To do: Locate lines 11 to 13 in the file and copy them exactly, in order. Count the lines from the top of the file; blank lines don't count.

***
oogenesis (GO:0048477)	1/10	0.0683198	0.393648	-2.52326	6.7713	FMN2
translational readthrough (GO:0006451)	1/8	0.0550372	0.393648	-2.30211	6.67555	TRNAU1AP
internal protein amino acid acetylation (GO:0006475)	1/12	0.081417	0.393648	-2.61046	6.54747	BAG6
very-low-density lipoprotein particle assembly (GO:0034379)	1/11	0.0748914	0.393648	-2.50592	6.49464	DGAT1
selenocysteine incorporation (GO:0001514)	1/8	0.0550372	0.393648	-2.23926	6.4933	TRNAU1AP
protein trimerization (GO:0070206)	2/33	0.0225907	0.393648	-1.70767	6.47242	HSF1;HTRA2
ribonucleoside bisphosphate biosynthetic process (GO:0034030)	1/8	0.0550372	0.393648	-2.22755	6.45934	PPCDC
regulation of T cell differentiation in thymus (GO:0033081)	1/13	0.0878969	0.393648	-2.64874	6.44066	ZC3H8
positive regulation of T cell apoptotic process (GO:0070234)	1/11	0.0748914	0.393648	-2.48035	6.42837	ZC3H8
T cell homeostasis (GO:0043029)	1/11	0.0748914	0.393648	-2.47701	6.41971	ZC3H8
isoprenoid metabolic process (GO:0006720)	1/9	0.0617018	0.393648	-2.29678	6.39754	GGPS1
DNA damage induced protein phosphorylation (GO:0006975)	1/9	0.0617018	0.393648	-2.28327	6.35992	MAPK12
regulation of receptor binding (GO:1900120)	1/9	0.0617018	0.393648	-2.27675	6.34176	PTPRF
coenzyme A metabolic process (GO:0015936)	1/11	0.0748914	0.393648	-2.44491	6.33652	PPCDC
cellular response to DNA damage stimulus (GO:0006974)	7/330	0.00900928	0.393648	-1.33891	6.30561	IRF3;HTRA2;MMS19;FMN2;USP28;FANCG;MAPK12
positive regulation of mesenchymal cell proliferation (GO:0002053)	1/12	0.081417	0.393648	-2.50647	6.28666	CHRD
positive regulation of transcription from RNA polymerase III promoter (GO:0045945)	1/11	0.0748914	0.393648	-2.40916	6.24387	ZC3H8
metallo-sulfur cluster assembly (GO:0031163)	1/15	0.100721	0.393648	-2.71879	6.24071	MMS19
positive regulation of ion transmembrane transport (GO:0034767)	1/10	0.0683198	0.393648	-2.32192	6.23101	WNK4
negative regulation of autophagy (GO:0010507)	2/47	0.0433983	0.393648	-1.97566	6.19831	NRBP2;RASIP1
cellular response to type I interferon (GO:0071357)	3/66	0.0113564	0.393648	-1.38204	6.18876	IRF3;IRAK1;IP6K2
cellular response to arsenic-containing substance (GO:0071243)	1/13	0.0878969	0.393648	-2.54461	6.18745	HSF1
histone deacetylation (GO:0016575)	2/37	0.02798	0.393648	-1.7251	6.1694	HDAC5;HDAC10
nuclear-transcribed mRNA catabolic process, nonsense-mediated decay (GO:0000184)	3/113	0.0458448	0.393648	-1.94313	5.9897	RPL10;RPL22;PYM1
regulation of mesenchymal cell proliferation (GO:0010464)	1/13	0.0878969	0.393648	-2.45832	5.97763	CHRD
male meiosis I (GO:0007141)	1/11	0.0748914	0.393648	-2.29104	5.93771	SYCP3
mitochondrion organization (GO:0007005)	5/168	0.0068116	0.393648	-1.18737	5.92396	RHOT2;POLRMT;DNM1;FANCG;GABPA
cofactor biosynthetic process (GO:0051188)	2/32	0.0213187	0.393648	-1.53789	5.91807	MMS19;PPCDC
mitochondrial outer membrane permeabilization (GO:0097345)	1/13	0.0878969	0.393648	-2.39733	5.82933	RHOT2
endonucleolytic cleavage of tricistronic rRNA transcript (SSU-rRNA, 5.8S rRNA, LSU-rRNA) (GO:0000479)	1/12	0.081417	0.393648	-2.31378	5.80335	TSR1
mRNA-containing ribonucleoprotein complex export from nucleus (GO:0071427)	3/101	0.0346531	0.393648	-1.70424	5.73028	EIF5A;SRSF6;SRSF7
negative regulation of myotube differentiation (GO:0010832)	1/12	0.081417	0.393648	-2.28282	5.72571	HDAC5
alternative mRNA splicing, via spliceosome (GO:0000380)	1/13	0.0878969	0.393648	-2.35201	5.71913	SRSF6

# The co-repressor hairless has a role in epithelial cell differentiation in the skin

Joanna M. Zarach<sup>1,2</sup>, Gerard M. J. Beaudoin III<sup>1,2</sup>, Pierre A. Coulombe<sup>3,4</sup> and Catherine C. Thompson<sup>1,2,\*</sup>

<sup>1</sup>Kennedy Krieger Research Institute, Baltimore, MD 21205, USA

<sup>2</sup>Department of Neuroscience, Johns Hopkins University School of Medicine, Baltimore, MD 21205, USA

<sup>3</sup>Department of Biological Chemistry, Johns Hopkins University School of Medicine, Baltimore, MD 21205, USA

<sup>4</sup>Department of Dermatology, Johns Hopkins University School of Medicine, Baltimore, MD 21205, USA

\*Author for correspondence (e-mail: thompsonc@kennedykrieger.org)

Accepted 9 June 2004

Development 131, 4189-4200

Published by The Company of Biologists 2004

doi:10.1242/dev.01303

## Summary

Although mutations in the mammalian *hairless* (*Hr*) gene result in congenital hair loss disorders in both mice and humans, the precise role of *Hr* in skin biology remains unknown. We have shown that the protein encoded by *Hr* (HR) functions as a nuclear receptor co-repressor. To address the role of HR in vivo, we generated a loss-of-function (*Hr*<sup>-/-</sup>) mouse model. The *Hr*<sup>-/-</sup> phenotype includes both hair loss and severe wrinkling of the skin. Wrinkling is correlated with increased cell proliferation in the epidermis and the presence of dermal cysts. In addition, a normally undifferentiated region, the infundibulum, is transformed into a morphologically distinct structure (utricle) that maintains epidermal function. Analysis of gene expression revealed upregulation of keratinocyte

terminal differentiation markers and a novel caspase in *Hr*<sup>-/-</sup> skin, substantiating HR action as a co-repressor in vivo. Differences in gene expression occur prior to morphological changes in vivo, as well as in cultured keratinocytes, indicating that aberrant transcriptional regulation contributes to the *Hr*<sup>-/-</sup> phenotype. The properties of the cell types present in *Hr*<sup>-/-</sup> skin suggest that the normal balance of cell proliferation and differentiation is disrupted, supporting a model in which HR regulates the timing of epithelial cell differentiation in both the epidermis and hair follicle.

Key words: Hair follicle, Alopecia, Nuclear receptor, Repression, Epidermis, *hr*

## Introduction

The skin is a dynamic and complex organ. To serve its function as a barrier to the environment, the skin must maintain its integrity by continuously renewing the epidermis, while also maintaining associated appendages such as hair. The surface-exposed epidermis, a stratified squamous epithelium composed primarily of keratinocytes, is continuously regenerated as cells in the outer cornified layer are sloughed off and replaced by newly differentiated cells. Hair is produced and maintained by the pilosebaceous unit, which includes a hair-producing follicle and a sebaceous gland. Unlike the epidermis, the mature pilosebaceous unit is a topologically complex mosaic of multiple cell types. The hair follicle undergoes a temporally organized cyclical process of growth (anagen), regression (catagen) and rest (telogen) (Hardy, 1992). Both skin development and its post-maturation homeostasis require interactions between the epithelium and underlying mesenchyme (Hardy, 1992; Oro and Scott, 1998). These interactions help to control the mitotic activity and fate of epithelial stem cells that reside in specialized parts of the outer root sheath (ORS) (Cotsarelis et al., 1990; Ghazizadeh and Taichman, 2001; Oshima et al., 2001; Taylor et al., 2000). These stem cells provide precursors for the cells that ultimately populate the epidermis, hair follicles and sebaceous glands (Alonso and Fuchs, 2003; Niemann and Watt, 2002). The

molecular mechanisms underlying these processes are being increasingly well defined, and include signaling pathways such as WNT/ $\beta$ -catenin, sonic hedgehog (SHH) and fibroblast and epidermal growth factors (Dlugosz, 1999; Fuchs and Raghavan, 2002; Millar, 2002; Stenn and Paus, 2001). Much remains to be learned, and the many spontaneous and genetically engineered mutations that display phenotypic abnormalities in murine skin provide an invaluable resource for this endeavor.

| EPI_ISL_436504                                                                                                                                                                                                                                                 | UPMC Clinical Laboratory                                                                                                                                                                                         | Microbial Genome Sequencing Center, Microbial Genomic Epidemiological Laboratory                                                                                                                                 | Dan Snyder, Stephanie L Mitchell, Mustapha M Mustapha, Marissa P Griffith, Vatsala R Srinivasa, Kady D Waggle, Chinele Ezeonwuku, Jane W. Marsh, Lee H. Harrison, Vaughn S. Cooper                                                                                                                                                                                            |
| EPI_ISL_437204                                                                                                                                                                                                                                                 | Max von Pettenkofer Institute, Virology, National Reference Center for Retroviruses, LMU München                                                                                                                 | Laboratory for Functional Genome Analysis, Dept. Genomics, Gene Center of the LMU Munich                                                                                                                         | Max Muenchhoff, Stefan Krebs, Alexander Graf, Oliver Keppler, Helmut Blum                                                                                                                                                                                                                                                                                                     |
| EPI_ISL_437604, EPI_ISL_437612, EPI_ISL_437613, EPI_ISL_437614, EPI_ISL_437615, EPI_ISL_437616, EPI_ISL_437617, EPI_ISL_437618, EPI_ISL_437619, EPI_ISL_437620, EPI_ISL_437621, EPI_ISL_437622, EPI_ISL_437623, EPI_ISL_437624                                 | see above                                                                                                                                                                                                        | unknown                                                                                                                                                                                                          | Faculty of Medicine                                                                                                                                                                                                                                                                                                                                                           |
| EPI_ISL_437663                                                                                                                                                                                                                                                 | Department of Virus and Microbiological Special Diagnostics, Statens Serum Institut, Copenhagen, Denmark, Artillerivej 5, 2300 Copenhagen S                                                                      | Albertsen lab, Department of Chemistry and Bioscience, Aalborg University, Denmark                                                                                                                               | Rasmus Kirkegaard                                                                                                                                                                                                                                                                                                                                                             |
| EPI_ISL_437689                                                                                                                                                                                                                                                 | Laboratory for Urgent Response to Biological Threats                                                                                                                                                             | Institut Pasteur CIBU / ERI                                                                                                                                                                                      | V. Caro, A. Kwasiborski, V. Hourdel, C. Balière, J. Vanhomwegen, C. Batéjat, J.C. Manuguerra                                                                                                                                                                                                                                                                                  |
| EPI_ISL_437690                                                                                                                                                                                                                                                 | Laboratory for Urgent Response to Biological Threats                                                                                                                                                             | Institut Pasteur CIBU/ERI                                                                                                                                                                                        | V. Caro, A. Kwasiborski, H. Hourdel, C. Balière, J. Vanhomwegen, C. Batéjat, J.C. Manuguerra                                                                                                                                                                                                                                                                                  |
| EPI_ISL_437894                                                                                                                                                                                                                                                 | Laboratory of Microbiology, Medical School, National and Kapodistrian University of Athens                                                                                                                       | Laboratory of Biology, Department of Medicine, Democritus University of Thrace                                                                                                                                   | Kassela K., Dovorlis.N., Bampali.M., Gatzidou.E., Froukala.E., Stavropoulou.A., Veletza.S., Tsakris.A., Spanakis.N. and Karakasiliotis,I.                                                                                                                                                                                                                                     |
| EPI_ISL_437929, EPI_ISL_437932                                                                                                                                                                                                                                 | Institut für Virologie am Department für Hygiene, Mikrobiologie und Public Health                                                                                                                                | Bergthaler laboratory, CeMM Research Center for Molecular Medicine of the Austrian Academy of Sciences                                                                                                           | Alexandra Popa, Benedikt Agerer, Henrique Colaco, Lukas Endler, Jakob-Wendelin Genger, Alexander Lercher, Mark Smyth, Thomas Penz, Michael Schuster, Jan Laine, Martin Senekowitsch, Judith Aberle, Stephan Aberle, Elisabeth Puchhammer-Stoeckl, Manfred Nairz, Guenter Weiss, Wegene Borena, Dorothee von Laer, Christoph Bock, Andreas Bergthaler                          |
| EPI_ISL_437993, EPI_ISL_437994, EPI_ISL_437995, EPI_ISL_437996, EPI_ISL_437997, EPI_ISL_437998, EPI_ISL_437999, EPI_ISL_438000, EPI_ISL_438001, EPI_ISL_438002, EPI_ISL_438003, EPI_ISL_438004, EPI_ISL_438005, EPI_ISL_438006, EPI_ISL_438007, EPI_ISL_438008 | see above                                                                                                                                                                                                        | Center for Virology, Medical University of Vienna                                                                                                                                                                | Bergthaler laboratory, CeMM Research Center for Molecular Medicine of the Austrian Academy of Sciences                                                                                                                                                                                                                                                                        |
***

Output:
isoprenoid metabolic process (GO:0006720)	1/9	0.0617018	0.393648	-2.29678	6.39754	GGPS1
DNA damage induced protein phosphorylation (GO:0006975)	1/9	0.0617018	0.393648	-2.28327	6.35992	MAPK12
regulation of receptor binding (GO:1900120)	1/9	0.0617018	0.393648	-2.27675	6.34176	PTPRF